Cabbage rolls are not easy to make, but they’re worth the effort. A Hungarian classic, cabbage rolls are now enjoyed around the world. These are made with traditional Hungarian ingredients, and are sure to impress your family and friends.
One of the best things about these cabbage rolls is that they freeze incredibly well. In freezer containers, add four or five rolls and pop them into the deep freeze for use later in the year. They microwave up beautifully, or can be dropped into a pot with a drizzle of water and stewed up.
- 1 large head of cabbage
- 3 pounds ground meat (single type or mix)
- 2 cups long grain rice
- 2 onions
- 6-8 cloves garlic
- paprika, salt and pepper to taste
- 2 quarts tomato sauce or soup
Boil the cabbage until the leaves come off. De-vein the leaves and set aside. Sauté onions and garlic with 1-2 tablespoons of paprika, and cook until soft. Mix together meat, rice, onion mixture and 1-2 tablespoons of paprika, then set aside for the flavors to blend.
Well grease a large roasting pan or pot. Put cabbage veins and spare leaves into the bottom. Into each cabbage leaf, add a palm-full of the meat mixture, and roll up tightly. Place finished cabbage rolls into the pot or pan. Layer evenly, with spare leaves in between each layer.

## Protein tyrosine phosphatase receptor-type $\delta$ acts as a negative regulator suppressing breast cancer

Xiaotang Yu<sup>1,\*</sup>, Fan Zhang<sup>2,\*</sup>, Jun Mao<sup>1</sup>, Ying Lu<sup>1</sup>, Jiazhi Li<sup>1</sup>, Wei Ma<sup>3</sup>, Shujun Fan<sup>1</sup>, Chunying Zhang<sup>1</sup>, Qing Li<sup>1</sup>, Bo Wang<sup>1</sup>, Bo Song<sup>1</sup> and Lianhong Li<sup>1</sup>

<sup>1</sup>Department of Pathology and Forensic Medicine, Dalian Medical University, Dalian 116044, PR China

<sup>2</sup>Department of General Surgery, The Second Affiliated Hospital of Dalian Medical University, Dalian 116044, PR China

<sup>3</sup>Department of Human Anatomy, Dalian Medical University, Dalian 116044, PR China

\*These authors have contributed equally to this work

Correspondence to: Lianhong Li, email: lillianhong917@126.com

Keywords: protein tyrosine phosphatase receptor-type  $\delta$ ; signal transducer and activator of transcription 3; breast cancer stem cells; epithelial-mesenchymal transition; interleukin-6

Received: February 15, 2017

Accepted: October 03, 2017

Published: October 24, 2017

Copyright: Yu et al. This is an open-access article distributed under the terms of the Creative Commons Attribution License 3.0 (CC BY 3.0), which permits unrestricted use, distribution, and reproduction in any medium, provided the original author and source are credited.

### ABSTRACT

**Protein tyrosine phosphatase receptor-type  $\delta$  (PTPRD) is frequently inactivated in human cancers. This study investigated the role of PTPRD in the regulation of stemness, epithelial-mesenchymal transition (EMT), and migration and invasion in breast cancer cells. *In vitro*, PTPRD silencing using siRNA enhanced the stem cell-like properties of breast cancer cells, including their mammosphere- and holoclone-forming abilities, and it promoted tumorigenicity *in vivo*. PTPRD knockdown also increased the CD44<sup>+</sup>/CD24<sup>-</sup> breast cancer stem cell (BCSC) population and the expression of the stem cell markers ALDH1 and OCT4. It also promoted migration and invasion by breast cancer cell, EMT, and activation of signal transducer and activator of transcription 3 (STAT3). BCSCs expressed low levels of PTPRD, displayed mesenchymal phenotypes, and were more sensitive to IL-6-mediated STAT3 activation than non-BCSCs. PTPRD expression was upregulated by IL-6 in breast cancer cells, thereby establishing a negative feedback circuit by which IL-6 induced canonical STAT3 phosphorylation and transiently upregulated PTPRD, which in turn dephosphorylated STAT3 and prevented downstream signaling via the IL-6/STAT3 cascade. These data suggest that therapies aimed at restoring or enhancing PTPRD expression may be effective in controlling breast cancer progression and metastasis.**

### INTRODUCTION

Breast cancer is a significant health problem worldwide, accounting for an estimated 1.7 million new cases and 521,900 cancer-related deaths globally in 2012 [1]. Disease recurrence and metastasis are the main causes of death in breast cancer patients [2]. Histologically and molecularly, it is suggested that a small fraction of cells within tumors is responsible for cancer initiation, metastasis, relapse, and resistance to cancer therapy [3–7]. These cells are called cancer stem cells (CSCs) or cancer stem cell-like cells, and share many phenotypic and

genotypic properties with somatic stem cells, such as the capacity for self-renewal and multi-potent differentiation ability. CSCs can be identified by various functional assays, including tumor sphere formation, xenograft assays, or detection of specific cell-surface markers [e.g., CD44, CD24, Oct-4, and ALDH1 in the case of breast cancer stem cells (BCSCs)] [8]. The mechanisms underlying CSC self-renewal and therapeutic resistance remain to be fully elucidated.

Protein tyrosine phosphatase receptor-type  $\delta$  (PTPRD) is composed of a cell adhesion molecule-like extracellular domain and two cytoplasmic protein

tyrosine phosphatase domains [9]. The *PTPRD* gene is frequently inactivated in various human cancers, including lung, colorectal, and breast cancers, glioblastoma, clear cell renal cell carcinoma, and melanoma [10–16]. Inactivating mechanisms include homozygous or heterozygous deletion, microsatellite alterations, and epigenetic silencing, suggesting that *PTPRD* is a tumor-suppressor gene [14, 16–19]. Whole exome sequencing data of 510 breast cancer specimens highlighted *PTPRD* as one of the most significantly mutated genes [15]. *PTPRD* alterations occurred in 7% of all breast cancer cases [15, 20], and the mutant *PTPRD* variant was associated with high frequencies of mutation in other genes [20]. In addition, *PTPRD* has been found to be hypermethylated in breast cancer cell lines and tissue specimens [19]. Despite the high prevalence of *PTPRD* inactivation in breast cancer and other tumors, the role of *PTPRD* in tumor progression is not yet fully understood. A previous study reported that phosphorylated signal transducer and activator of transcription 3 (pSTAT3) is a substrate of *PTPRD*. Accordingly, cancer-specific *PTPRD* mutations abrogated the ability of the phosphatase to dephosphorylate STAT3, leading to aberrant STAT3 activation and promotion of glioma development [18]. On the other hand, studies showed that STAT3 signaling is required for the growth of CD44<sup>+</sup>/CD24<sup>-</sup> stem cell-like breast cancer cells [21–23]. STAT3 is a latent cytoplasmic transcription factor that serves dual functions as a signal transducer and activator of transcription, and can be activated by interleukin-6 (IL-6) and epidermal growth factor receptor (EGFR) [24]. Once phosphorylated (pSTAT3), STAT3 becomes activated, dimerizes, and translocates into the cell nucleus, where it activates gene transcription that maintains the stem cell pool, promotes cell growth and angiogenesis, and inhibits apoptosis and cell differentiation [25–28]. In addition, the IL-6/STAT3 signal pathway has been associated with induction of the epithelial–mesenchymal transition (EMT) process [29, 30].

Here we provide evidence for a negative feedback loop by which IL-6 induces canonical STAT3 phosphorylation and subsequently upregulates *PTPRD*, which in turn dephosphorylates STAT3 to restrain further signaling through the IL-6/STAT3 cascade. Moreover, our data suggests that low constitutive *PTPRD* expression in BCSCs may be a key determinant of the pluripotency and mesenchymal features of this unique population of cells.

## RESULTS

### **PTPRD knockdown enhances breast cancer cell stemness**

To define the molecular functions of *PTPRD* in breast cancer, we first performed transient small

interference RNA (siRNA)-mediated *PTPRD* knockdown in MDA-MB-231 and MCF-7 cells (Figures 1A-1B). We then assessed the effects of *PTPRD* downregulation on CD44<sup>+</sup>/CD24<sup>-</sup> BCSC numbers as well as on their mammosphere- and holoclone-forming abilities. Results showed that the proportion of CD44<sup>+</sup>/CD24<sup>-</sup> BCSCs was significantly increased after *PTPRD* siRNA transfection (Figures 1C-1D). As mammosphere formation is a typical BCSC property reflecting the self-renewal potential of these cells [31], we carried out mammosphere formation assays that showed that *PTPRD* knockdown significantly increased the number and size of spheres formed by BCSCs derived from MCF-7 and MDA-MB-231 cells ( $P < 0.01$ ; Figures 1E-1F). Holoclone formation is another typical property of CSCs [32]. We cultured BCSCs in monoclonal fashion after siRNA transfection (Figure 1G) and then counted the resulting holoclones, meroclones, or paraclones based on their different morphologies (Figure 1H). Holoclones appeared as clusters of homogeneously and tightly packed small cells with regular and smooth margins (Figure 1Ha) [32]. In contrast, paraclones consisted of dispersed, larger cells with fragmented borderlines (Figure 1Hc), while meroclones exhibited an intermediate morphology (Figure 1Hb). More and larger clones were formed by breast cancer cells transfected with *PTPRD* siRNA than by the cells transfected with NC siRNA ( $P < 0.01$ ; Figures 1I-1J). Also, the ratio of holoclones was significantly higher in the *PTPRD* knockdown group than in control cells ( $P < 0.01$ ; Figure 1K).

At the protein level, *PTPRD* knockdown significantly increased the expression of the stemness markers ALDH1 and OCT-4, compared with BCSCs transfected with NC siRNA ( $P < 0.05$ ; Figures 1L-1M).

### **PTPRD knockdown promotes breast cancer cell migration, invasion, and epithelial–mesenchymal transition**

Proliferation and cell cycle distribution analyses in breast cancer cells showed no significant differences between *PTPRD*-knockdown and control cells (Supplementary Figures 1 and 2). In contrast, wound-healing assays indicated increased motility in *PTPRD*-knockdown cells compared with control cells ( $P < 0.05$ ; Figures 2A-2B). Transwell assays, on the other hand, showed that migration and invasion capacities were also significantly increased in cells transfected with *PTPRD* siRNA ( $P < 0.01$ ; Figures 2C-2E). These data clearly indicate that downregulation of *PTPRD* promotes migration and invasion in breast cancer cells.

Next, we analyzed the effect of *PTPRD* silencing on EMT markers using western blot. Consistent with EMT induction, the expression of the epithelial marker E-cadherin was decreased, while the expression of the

Pour the sauce or soup over the cabbage rolls, being sure they are thoroughly covered. Cook, covered, in a 350F oven for 2-3 hours or more, or simmer on top of the stove for similar time. Near the end of the cooking time, check to see if the meat and rice are both done. If not, cook longer. Throughout the cooking process, check on liquid levels. Do not allow the cabbage rolls to boil dry! Too much liquid is self-correcting, while too little liquid will cause your cabbage rolls to burn and possibly be inedible.
Serve cabbage rolls with a dollop of sour cream, and some of the sauce. Traditional sides for cabbage rolls include crusty white bread, dill pickles and home-made noodles.
For a more complete explanation of how to make these delicious cabbage rolls, with detailed photographs and personal stories, please visit Rev. Allyson’s article on the subject at her blog.
For more fun, photographs and recipes, as well as a host of simple living ideas, check out Rev. Allyson’s simple living blog, The Freehold. It’s full of anecdotes and her personal experiences with living more simply and sustainably.
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